5000 - 1

The only changes above is just the ESXi sizes and cluster size. For examples:

  • For the VDI, I have 5 clusters per site.
  • For the Tier 1 server VM, I have 3 clusters. Each has 8 ESXi host. I keep all 8 to make it simpler.
  • For the Tier 3 server VM, I have 2 clusters. Each has 12 ESXi hosts. Total is 24 hosts, so it’s enough to run all Tier 1 during DC-wide failover.

By now, you likely notice that I have omitted 2 large components of SDDC Architecture. Can you guess?

Yup, it’s Storage and Network.

I will touch Storage here, and will cover Network on a separate blog. I’m simplifying the diagram so we can focus on the storage subsystem:

5000 - 2

I’m using 2 types of storage, although we can very well use VSAN all the way. I use VSAN for VDI and IaaS clusters (Management and Network Edge), and classic array for Server clusters (Tier 1, 2, and 3).

I’ve added the vSphere integration that Storage arrays typically have. All these integration need specific firmware level, and they also impact the way you architect, size and configure the array. vSphere is not simply a workload that needs a bunch of LUNs.

I’ve never seen an IT environment where the ground team is not stretched. The reality of IT support if you are under-staff, under-trained, lack of proper tools and bogged down by process and politics. There are often more managers than individual contributors.

As you can see from this article, the whole thing becomes very complex. Making the Architecture simple pays back in Operation. It is indeed not a simple matter. This is why I believe the hypervisor is not a commodity at all. It is your very data center. If you think adding Hyper-V is a simple thing, suggest you review this. That’s written by someone with actual production experience, not consultant who leave after project is over.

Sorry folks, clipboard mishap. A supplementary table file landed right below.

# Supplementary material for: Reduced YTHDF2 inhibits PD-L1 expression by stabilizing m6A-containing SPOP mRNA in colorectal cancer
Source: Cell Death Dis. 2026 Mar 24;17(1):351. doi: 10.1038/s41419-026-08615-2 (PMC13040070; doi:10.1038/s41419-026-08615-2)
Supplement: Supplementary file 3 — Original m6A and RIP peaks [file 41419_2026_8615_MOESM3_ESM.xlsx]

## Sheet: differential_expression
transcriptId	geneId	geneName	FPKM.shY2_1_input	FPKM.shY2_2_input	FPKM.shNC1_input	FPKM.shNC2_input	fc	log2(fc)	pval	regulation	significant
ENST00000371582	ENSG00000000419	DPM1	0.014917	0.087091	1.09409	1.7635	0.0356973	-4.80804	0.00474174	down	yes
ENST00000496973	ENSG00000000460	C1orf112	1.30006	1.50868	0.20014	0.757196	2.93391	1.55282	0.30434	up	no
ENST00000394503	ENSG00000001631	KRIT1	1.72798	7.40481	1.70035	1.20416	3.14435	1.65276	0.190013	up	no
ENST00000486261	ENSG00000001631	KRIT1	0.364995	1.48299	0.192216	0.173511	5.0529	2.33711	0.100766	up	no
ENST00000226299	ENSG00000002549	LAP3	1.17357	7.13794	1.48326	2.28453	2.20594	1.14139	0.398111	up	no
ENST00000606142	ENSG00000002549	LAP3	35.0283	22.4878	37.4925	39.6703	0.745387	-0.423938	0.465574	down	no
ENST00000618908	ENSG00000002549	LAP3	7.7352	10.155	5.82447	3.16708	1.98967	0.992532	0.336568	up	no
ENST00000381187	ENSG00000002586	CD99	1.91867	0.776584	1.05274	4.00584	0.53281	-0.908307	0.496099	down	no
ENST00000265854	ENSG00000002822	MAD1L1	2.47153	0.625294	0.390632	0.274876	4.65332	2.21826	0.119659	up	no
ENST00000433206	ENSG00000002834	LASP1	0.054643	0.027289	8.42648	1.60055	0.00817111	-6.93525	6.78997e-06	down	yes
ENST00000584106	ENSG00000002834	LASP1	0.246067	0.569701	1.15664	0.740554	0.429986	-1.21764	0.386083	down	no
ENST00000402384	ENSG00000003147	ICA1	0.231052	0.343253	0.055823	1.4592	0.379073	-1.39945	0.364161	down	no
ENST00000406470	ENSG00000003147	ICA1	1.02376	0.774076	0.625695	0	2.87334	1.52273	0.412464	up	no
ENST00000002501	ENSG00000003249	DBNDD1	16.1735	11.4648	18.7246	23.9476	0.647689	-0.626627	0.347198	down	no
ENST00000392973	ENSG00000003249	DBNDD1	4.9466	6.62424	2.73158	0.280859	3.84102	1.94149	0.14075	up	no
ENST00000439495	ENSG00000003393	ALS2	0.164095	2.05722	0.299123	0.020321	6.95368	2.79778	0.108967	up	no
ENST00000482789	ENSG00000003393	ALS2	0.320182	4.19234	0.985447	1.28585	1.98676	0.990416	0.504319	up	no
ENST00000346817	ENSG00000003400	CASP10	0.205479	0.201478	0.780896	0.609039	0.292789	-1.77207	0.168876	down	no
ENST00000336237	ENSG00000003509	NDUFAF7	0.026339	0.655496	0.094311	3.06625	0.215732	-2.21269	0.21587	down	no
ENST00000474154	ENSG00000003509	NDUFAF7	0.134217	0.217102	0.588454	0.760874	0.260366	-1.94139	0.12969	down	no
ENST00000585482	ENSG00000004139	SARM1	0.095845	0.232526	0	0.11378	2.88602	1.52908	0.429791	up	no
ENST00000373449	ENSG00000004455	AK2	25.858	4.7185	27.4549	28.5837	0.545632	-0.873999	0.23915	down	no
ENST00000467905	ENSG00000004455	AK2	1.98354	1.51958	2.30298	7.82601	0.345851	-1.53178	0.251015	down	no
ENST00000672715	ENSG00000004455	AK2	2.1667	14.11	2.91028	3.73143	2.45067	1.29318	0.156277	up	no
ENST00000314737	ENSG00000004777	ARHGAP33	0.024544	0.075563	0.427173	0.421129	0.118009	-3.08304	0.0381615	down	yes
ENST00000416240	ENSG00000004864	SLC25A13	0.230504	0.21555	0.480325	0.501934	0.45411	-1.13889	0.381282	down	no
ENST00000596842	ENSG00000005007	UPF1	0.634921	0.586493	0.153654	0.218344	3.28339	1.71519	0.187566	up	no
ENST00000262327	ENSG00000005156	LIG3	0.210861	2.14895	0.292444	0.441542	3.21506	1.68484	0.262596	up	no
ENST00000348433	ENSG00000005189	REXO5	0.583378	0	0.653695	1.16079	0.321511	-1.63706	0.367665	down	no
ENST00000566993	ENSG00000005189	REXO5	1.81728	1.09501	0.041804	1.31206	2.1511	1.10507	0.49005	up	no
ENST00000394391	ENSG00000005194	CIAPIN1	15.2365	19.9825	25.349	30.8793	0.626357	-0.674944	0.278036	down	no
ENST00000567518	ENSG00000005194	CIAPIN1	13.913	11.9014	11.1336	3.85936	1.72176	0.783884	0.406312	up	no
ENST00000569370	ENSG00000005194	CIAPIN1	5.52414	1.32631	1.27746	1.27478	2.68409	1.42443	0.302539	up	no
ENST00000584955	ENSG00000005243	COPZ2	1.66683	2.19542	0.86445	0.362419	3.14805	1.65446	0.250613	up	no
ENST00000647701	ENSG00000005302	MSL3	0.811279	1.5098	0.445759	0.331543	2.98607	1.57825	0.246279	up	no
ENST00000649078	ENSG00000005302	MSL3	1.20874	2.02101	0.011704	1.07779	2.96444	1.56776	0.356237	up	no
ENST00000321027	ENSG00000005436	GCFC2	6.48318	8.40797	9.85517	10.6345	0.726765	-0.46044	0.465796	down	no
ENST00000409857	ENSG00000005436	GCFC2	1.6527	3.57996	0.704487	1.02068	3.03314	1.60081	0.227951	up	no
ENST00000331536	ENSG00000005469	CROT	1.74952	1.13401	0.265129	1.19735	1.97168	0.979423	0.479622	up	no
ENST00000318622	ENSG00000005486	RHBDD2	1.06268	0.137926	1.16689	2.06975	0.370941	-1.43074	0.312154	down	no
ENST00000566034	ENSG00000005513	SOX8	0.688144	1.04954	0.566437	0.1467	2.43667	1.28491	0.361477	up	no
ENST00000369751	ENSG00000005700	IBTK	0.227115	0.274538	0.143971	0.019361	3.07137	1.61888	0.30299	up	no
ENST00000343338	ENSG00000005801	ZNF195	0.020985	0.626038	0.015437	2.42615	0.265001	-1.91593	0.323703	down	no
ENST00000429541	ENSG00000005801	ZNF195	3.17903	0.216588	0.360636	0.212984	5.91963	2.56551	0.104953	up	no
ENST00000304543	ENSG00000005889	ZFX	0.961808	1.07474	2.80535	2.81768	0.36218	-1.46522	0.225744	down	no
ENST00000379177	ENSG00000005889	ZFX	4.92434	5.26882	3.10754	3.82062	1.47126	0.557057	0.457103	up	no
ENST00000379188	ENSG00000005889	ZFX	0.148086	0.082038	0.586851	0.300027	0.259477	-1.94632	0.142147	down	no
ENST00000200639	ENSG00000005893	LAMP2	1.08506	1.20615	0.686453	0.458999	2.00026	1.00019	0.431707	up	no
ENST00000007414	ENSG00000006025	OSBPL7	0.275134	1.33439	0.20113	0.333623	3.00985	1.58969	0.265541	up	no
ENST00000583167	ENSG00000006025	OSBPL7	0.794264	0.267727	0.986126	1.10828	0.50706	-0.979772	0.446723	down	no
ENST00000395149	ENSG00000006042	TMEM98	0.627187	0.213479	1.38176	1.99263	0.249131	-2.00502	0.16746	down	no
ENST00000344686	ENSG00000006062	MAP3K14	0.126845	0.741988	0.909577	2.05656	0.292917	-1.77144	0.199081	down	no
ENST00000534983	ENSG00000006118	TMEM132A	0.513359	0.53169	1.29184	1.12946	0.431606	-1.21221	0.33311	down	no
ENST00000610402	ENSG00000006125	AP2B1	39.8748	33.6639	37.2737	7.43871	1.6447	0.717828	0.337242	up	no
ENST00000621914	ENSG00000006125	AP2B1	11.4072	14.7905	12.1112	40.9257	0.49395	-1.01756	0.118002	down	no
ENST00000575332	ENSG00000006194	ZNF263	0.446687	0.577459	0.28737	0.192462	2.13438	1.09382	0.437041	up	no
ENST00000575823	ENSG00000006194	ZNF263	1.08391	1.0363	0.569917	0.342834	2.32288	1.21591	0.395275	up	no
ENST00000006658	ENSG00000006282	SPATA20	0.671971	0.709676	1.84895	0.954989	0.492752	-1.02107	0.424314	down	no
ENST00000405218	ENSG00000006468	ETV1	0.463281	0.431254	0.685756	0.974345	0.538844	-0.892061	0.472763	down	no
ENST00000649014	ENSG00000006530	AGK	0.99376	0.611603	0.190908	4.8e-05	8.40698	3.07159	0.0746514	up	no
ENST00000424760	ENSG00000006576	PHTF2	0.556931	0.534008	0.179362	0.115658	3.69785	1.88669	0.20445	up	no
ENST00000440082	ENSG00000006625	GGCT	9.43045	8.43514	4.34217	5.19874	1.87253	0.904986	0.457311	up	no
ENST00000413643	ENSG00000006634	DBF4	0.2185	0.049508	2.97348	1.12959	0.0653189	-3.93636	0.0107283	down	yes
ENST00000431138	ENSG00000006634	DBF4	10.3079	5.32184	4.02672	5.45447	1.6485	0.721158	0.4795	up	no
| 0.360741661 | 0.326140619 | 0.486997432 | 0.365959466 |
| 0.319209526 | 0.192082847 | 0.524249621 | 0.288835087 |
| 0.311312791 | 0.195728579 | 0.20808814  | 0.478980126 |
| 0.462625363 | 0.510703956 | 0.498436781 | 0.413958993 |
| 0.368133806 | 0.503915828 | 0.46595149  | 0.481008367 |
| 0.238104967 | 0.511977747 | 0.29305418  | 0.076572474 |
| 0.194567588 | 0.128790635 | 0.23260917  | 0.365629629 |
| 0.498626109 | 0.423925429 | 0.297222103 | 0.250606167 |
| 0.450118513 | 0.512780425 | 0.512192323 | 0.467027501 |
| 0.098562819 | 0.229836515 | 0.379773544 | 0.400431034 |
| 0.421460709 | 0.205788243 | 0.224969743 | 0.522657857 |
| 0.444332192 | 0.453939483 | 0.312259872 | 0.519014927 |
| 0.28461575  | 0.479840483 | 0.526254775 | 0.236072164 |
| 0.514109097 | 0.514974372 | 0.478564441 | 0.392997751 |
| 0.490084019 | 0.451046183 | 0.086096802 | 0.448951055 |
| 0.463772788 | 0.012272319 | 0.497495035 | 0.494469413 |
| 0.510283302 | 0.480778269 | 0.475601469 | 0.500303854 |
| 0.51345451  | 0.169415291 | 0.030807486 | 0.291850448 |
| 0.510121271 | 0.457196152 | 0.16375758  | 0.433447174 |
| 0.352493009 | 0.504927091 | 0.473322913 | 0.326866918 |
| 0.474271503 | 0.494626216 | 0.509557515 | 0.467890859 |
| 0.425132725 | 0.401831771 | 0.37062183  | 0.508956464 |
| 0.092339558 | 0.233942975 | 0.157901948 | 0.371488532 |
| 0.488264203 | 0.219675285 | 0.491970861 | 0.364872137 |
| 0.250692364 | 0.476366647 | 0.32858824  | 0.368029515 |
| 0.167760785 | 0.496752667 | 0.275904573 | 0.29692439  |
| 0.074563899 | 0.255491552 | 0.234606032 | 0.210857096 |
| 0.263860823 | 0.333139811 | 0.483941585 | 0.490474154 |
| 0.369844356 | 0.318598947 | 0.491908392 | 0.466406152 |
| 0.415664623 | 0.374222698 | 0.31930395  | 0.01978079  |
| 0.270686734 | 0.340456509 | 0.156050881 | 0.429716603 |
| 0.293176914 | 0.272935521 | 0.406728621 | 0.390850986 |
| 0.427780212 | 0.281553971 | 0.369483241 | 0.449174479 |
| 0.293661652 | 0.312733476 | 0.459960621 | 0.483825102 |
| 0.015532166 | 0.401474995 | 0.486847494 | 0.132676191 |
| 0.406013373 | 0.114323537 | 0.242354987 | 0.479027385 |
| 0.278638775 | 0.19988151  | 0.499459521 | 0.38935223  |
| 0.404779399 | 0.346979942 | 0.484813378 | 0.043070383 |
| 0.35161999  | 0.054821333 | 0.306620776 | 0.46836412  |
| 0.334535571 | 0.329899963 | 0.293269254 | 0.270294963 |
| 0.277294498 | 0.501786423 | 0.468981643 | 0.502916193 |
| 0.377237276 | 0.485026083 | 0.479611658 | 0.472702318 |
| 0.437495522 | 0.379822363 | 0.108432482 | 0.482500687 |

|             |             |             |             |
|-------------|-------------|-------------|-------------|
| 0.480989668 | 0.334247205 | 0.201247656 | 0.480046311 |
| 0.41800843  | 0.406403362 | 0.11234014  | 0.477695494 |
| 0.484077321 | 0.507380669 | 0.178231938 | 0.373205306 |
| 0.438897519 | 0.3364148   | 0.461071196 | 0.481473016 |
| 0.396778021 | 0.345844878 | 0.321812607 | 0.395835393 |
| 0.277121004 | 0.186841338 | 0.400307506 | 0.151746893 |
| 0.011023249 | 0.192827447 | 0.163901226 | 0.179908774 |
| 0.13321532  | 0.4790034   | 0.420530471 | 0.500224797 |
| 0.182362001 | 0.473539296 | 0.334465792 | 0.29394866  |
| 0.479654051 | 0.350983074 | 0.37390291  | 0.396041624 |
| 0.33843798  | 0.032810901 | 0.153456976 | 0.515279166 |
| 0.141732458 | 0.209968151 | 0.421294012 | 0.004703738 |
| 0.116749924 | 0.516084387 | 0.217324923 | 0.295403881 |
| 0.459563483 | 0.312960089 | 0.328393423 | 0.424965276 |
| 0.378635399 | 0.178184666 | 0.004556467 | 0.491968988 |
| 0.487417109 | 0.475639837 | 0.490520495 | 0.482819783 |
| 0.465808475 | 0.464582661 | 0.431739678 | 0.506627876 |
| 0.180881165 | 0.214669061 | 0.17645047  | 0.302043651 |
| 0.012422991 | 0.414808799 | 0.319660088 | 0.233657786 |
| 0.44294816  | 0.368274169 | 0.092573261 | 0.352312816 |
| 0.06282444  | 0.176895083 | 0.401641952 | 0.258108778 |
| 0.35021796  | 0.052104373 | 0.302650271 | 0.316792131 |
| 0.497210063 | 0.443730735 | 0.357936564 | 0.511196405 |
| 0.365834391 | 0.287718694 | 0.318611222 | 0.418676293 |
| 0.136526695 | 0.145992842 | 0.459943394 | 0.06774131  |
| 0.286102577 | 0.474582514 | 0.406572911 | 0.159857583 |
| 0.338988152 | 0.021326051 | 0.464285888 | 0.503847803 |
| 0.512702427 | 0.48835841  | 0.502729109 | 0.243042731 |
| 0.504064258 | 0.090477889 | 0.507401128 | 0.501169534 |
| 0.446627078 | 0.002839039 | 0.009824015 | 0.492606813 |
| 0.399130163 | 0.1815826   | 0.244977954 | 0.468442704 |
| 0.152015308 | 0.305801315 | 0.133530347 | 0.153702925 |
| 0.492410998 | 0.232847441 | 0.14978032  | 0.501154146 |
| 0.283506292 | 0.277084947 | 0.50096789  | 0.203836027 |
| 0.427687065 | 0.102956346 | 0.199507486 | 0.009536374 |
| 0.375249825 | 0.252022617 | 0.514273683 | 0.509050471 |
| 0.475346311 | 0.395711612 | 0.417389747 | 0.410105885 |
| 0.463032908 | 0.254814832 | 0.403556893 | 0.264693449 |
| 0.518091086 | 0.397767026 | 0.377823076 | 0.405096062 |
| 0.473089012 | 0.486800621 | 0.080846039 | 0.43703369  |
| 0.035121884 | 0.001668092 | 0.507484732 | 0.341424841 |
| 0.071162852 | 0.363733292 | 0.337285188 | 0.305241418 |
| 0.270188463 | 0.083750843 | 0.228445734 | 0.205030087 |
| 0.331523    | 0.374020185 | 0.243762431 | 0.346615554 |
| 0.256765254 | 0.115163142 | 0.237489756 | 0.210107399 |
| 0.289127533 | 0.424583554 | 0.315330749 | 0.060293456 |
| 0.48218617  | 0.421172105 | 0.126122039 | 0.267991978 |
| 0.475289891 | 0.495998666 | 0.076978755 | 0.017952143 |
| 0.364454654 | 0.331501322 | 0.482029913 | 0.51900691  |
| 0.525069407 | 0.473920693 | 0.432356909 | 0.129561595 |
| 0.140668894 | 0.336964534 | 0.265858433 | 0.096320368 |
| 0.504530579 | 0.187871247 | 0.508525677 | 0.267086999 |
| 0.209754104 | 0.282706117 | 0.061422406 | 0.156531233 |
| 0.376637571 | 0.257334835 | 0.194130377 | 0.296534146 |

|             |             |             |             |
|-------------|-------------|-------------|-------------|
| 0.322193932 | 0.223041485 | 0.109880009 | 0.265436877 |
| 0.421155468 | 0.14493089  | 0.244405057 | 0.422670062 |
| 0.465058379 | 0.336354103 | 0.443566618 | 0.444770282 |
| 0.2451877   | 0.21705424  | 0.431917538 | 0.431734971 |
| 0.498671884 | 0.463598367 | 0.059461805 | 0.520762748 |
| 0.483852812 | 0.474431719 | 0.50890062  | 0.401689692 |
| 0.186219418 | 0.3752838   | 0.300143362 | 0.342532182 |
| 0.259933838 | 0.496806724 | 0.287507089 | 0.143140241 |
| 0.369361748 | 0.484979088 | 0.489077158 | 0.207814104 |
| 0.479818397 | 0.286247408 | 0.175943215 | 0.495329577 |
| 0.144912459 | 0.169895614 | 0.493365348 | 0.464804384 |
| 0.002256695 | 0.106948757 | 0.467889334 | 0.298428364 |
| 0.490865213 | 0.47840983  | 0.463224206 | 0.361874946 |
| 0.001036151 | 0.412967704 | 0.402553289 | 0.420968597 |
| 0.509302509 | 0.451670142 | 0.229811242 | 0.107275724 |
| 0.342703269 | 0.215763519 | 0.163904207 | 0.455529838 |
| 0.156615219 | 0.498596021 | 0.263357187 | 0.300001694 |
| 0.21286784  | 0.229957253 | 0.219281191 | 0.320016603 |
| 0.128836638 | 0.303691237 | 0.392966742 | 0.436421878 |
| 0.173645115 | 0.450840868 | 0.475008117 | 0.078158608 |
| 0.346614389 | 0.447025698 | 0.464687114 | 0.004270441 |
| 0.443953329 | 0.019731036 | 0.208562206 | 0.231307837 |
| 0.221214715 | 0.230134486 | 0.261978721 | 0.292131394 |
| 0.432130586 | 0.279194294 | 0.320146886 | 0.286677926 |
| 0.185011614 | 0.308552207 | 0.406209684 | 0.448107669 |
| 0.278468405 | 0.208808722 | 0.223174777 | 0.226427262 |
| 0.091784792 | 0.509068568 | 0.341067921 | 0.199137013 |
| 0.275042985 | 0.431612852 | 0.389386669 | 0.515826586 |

As Architect, we all know that it is one thing to build, it is another to operate. The above architecture requires a very different operation than classic, physical DC architecture. SDDC is not physical DC, virtualised. It needs a special team, led by the SDDC Architect.

In the above architecture, I see that adding a second hypervisor as “penny wise pound foolish”. If you think that results in a vendor lock in, kindly review this and share your analysis.

Limitations

  • Not able to do Disaster Avoidance. The main reason is I think it increases cost and complexity with minimal additional benefit. For critical applications, it is already protected with Active/Active at application layer, making DR and DA redundant. For the rest, it already has SRM.

BTW, if you want the editable diagram, you can get it here. Happy architecting! In the next post, I’ll cover Network architecture..